However, unusual failures will happen and there will be times when systems or groups of systems can't be brought back on line. Understanding this possibility, automate the procedure to move state off the damaged systems. Relying on operations to update SQL tables by hand or to move data using ad hoc techniques is courting disaster. Mistakes get made in the heat of battle. Anticipate the corrective actions the operations team will need to make, and write and test these procedures up-front. Generally, the development team needs to automate emergency recovery actions and they must test them. Clearly not all failures can be anticipated, but typically a small set of recovery actions can be used to recover from broad classes of failures. Essentially, build and test "recovery kernels" that can be used and combined in different ways depending upon the scope and the nature of the disaster.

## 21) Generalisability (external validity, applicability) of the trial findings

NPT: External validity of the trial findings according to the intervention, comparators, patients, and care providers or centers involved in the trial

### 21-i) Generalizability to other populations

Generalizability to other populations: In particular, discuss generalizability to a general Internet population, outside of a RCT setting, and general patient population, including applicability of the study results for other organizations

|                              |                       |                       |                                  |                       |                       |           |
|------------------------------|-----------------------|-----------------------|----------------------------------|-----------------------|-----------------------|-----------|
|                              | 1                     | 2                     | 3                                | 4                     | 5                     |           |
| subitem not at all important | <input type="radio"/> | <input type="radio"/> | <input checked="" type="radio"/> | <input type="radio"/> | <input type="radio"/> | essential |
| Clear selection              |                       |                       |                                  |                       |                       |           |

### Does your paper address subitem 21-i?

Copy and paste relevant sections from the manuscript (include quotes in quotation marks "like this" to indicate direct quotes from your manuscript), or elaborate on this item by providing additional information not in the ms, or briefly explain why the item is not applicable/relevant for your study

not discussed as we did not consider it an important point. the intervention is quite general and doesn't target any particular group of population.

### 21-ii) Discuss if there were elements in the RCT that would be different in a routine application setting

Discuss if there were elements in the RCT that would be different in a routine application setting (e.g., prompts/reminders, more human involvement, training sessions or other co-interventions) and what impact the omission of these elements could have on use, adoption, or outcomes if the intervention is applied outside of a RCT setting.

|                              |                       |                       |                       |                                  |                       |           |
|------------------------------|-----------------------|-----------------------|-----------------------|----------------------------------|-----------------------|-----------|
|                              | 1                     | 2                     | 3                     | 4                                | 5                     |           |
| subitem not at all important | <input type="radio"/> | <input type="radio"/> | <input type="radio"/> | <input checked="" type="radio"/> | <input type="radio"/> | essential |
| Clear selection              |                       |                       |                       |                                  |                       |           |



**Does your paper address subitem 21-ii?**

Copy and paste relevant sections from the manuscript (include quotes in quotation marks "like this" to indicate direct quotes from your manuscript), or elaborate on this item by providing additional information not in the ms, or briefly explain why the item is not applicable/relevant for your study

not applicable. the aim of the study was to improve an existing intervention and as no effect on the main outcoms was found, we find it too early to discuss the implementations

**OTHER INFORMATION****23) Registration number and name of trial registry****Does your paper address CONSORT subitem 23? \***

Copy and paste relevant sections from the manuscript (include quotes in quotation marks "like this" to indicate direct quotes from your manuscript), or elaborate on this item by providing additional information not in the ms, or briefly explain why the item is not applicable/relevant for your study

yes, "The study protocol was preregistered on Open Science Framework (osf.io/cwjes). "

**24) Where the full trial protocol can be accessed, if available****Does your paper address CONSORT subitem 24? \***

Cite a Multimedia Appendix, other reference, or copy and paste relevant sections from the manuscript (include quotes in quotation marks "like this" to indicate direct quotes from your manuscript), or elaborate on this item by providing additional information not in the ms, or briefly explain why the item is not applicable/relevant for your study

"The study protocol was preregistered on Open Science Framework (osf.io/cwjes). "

The recovery scripts need to be tested in production. The general rule is that nothing works if it isn't tested frequently so don't implement anything the team doesn't have the courage to use. If testing in production is too risky, the script isn't ready or safe for use in an emergency. The key point here is that disasters happen and it's amazing how frequently a small disaster becomes a big disaster as a consequence of a recovery step that doesn't work as expected. Anticipate these events and engineer automated actions to get the service back on line without further loss of data or up time.

Auditing, Monitoring and Alerting

The operations team can't instrument a service in deployment. Make substantial effort during development to ensure that performance data, health data, throughput data, etc. are all produced by every component in the system.

Any time there is a configuration change, the exact change, who did it, and when it was done needs to be logged in the audit log. When production problems begin, the first question to answer is what changes have been made recently. Without a configuration audit trail, the answer is always "nothing" has changed and it's almost always the case that what was forgotten was the change that led to the question.